It brought about structural changes in the health-care system, which included sweeping efforts to improve access to health insurance through expansion of the Medicaid program and through subsidized and lower-cost health insurance plans made available through new health insurance marketplaces exchanges , elimination of pre-existing condition restrictions on coverage, elimination of lifetime caps on health-care spending, and efforts to slow growth in health-care costs through innovative payment reforms.
The plan had two major components: expansion of the Medicaid program and new structures to support the individual and small-group health insurance markets. As a result, only 32 states and the District of Columbia elected to expand Medicaid. For the individual and small-group markets, the ACA established health insurance exchanges in states to allow individuals and small groups to buy standard insurance policies with income-based subsidies from percent to percent of the federal poverty level.
The ACA eliminated medical underwriting and imposed a legal mandate to purchase health insurance, with a penalty for those who did not comply. The ACA's individual mandate was designed to compel healthier people to purchase insurance and thereby balance the risk pool and lower premiums for everyone.
The ACA included payment-reform provisions to incentivize the adoption of more effective care delivery models. The new models involve some combination of shared risk among providers to enhance collaboration and coordination of care in an effort to reduce avoidable hospitalizations, ED visits, and other forms of expensive or unnecessary care.
Beyond payment models, the ACA encouraged perhaps unintentionally the narrowing of provider networks and reshaped the delivery of LTSS, all of which have implications for how people who have disabilities receive care and the documentation of that care in the medical record. The expansion of health insurance coverage through the Medicaid program, the health insurance exchanges, and the dependent coverage provision will allow many Americans who have disabilities to obtain health insurance coverage without having to qualify also for SSDI or SSI.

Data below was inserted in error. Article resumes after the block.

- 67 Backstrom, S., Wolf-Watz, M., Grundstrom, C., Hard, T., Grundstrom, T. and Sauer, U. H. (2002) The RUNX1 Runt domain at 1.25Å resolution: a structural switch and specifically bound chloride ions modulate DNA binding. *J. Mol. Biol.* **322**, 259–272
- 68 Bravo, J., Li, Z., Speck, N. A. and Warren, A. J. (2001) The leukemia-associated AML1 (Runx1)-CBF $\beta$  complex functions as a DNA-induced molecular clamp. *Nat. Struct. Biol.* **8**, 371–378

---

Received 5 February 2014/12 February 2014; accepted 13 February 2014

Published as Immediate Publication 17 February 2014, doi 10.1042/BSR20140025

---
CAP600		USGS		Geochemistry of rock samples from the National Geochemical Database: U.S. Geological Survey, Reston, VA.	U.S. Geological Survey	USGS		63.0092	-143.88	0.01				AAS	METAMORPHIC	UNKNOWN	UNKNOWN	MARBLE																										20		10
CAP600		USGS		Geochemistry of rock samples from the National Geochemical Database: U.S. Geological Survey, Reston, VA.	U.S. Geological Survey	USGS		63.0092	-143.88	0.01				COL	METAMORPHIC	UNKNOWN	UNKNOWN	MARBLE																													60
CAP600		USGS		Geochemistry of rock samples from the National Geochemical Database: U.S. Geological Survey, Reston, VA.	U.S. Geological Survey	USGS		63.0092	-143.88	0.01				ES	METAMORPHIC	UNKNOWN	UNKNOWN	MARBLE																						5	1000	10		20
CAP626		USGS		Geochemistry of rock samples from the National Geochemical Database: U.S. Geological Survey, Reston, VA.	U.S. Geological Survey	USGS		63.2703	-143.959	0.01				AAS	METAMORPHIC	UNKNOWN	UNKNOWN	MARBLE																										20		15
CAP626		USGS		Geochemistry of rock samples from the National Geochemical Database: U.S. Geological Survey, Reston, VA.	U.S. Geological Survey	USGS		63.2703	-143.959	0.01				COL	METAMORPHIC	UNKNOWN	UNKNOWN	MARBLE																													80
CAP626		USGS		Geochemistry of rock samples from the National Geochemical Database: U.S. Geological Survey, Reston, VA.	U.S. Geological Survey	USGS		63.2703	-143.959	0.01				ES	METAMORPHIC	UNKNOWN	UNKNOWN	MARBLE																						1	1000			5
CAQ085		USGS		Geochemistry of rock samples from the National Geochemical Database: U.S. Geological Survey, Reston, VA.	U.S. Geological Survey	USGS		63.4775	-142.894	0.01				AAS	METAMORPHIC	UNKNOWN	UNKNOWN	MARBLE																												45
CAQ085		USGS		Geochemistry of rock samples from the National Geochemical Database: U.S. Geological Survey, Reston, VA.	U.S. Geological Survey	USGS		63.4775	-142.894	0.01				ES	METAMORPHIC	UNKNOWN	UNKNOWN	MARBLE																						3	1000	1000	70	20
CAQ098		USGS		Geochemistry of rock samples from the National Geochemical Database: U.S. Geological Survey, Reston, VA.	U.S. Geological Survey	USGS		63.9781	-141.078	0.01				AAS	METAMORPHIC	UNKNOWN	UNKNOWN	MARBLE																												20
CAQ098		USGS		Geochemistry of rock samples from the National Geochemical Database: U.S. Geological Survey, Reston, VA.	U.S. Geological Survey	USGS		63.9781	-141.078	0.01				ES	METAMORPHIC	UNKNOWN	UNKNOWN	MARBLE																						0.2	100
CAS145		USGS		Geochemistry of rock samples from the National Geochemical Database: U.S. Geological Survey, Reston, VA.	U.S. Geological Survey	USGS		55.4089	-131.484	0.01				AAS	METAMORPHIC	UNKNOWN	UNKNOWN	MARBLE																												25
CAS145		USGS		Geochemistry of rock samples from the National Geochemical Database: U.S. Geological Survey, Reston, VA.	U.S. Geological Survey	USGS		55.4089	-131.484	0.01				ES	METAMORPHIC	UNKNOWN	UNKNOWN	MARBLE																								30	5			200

A comprehensive review of the literature on the effects of the ACA Medicaid expansion on health-care use finds that health insurance coverage overall has expanded, access and use of care have increased, self-reported health status has improved, and the flow of federal health-care resources into expansion states has risen.
Coverage categories are not mutually exclusive; some people switch coverage during a year or have multiple forms of coverage. Federal law requires that state Medicaid programs make DSH payments to qualifying hospitals that serve a large number of Medicaid and uninsured people. The CLASS Act would have created a voluntary and public long-term care insurance option for employees, but in October the Obama administration announced it was unworkable and would be dropped. Turn recording back on. Help Accessibility Careers.
Search term. Narrowing Provider Networks The change in provider network size is another indicator of how the ACA has transformed the care that people get. The Affordable Care Act's payment and delivery system reforms: A progress report at five years.
New York: The Commonwealth Fund; The implications of the Affordable Care Act for behavioral health services utilization. American College of Emergency Physicians. The Oregon experiment—effects of Medicaid on clinical outcomes. New England Journal of Medicine. Affordable Care Act and healthcare delivery: A comparison of California and Florida hospitals and emergency departments. The Affordable Care Act at 5 years. What does a deductible do? The impact of cost-sharing on health care prices, quantities, and spending dynamics.